In the early 1980s, Bernie Glassman saw a need among individuals in the Yonkers community for a second chance at life. Yonkers has the highest concentration of poverty in Westchester County, with 18.5% of Southwest Yonkers residents living below the poverty line and 11% being unemployed. When Glassman opened Greyston Bakery in 1982, he made it his mission to give the hard-to-employ a way out of poverty.
Greyston Bakery employs an Open Hiring™ Model. Anyone who comes to the bakery is given a chance to work, no questions asked. The bakery uses a waiting list, and as soon as a job becomes available, it is given to the next person on the list. Because the bakery trains its employees in baking and employment readiness skills during an apprenticeship period, any individual can work, regardless of background or work history.
The bakery's PathMaking philosophy demands that every individual is given support to achieve "wholeness," an idea that an individual can achieve a healthy life that is well-balanced in the areas of the mind, body, heart, and spirit. Assessment and goal-setting tools help individuals identify their strengths and weaknesses and create a plan towards self-improvement.
The PathMaking philosophy has manifested into a wide range of programs that support individuals on their path to "wholeness." Greyston's Community Gardens & Environmental Education Program provides comprehensive environmental education for the community, as well as fresh produce and a safe open space for recreation and relaxation. Six vacant city lots have been transformed into growing spaces that teach students and families the importance of healthy eating and conservation.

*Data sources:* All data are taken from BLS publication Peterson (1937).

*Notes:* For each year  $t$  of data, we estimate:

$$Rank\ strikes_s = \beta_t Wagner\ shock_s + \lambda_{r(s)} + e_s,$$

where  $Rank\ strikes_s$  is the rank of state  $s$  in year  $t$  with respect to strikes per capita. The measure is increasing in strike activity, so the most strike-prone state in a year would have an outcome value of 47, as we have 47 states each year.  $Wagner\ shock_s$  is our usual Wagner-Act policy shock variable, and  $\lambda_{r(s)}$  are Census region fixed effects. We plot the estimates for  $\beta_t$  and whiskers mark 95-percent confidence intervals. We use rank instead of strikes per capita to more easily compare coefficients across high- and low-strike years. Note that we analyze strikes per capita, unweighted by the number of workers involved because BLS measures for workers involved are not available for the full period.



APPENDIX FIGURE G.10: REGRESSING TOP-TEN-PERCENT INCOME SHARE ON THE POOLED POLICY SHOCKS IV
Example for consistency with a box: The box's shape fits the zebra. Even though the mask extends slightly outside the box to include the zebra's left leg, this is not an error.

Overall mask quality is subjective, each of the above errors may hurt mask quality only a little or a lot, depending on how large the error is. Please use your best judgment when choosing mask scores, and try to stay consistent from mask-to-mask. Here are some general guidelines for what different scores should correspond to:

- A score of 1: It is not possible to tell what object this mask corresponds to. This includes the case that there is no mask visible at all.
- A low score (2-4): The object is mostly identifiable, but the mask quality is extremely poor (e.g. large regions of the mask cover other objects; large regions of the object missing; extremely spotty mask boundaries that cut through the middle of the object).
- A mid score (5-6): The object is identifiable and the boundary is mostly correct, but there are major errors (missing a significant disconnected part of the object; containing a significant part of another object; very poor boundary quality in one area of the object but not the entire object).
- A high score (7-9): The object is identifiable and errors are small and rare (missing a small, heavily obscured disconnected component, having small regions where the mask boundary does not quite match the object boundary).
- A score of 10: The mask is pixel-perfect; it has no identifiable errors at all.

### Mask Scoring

Greyston's Workforce Development Program trains individuals in hard and soft skills, financial literacy, and tools for educational advancement with a focus on skill set development for in-demand fields that offer a livable wage. The program works with adults who have minimal education and work experience; history of incarceration, drug/alcohol use, or homelessness; or a nominal grasp on English due to immigration. Since its founding, the program has assisted more than 200 individuals.
The Greyston Learning Center gives low-income parents affordable, high-quality child care with an emphasis on school preparation, which allows them to work and escape poverty. Using evidence-based practices and assessment tools, the program provides children with "fun with a purpose." The Center has been accredited by the prestigious National Association for the Education of Young Children every year since 2002, and it is currently licensed for 96 children who are between the ages of six weeks and five years.
Affordable housing is also necessary for individuals to achieve self-sufficiency, so Greyston has built nearly 300 units for 522 individuals, including a $32 million multifamily housing development for working families in Yonkers. Among the residences is Issan House, a 35-unit supportive housing for formerly homeless people living with HIV/AIDS. 97% of the residents are diagnosed with severe, persistent mental illness and 94% with drug/alcohol addiction. The house provides fifty tenants a year with specialized services.
Greyston Bakery has gone beyond its title as a "bakery" to offer a vast number of services and programs that help numerous individuals and families. For those who are interested, there are many ways to get involved with Greyston. Individuals can join Team Greyston and come up with creative events to fundraise and introduce others to Greyston. Individuals can also make monetary or in-kind donations, volunteer their time, or buy brownies made by the bakery.